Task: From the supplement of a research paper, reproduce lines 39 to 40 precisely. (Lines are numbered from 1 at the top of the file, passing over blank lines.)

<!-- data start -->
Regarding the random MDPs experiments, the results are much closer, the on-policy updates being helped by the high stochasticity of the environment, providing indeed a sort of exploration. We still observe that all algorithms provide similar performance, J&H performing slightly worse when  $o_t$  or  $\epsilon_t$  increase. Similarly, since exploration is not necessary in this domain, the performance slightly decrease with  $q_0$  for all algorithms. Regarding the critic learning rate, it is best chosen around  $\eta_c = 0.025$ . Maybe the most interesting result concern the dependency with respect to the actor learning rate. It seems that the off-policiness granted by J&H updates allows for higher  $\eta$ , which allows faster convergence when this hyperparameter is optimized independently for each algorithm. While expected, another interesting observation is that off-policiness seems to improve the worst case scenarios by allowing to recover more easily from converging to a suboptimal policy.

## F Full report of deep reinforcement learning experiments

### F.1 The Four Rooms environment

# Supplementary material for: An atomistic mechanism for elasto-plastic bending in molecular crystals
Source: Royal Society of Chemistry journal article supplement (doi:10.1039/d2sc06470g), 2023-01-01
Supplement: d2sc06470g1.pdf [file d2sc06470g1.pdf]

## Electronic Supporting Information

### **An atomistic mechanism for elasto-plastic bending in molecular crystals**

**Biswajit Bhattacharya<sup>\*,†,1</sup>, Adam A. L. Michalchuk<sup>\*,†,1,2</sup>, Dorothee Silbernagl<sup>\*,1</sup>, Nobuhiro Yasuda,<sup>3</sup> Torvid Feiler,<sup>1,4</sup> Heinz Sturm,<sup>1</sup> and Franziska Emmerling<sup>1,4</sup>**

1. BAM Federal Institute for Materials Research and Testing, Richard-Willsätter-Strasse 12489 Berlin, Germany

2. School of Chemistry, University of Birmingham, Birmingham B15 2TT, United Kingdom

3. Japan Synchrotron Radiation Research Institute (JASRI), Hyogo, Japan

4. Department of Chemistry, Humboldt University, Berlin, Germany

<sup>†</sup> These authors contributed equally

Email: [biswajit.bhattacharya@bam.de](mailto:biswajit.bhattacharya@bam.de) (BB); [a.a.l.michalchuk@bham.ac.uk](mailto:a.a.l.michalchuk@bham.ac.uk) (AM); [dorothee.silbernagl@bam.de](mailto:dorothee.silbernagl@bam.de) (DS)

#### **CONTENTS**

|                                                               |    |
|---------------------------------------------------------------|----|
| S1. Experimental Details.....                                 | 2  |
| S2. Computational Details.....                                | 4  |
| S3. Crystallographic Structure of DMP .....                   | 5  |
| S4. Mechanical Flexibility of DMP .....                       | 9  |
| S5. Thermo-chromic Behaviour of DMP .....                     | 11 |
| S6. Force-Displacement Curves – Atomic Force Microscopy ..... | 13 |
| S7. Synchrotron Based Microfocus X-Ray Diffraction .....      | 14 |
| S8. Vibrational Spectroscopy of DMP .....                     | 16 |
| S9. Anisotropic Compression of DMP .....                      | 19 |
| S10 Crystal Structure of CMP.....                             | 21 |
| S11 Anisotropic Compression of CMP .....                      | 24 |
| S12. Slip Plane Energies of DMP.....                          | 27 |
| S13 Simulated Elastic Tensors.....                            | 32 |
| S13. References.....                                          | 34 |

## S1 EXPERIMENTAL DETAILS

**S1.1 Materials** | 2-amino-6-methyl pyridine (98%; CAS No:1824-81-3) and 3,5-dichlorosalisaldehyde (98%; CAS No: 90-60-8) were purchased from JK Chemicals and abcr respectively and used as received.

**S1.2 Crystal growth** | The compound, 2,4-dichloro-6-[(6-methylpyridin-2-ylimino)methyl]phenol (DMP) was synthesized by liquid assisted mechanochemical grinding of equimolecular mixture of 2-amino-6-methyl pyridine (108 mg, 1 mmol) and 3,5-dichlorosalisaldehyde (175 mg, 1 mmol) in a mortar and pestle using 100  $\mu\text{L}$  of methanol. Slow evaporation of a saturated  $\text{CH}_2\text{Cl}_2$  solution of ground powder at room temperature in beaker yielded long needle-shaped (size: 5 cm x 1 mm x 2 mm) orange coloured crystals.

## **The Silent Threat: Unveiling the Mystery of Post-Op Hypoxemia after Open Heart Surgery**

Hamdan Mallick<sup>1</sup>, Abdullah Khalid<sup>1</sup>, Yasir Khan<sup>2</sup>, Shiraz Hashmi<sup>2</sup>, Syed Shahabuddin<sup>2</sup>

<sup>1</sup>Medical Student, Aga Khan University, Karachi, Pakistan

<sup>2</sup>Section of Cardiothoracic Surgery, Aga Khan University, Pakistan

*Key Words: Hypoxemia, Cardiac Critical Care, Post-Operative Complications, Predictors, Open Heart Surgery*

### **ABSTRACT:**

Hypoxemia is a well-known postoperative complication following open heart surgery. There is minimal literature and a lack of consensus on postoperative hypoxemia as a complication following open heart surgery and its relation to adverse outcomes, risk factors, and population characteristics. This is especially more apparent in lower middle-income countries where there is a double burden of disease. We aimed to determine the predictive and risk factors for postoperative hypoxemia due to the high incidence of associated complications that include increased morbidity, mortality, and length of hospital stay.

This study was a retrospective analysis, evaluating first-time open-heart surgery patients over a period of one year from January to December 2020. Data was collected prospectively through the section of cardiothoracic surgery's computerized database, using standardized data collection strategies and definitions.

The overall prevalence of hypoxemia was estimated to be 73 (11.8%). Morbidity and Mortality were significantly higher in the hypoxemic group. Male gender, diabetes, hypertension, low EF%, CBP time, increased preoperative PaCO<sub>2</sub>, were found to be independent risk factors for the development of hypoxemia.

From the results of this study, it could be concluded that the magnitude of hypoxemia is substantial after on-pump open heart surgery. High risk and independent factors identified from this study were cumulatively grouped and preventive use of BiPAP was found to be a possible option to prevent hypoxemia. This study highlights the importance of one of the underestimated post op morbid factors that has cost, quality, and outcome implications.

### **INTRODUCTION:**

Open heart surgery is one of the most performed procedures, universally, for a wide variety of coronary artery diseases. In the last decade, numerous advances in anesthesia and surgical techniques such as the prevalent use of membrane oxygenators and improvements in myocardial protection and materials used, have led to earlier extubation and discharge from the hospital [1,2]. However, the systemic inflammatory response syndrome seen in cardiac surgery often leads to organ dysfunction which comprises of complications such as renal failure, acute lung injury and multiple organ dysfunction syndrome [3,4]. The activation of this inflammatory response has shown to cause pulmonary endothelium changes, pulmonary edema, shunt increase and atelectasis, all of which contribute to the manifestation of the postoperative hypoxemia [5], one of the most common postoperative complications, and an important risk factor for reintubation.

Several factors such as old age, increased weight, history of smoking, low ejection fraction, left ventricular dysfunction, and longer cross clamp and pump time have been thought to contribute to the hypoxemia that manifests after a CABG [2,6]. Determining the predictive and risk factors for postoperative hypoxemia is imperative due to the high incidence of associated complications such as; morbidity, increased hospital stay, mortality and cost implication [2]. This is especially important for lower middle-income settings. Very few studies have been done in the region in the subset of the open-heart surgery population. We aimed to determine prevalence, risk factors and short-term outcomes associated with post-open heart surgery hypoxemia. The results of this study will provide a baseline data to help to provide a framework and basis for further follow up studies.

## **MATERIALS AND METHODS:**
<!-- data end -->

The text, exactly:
<sup>2</sup>Section of Cardiothoracic Surgery, Aga Khan University, Pakistan

*Key Words: Hypoxemia, Cardiac Critical Care, Post-Operative Complications, Predictors, Open Heart Surgery*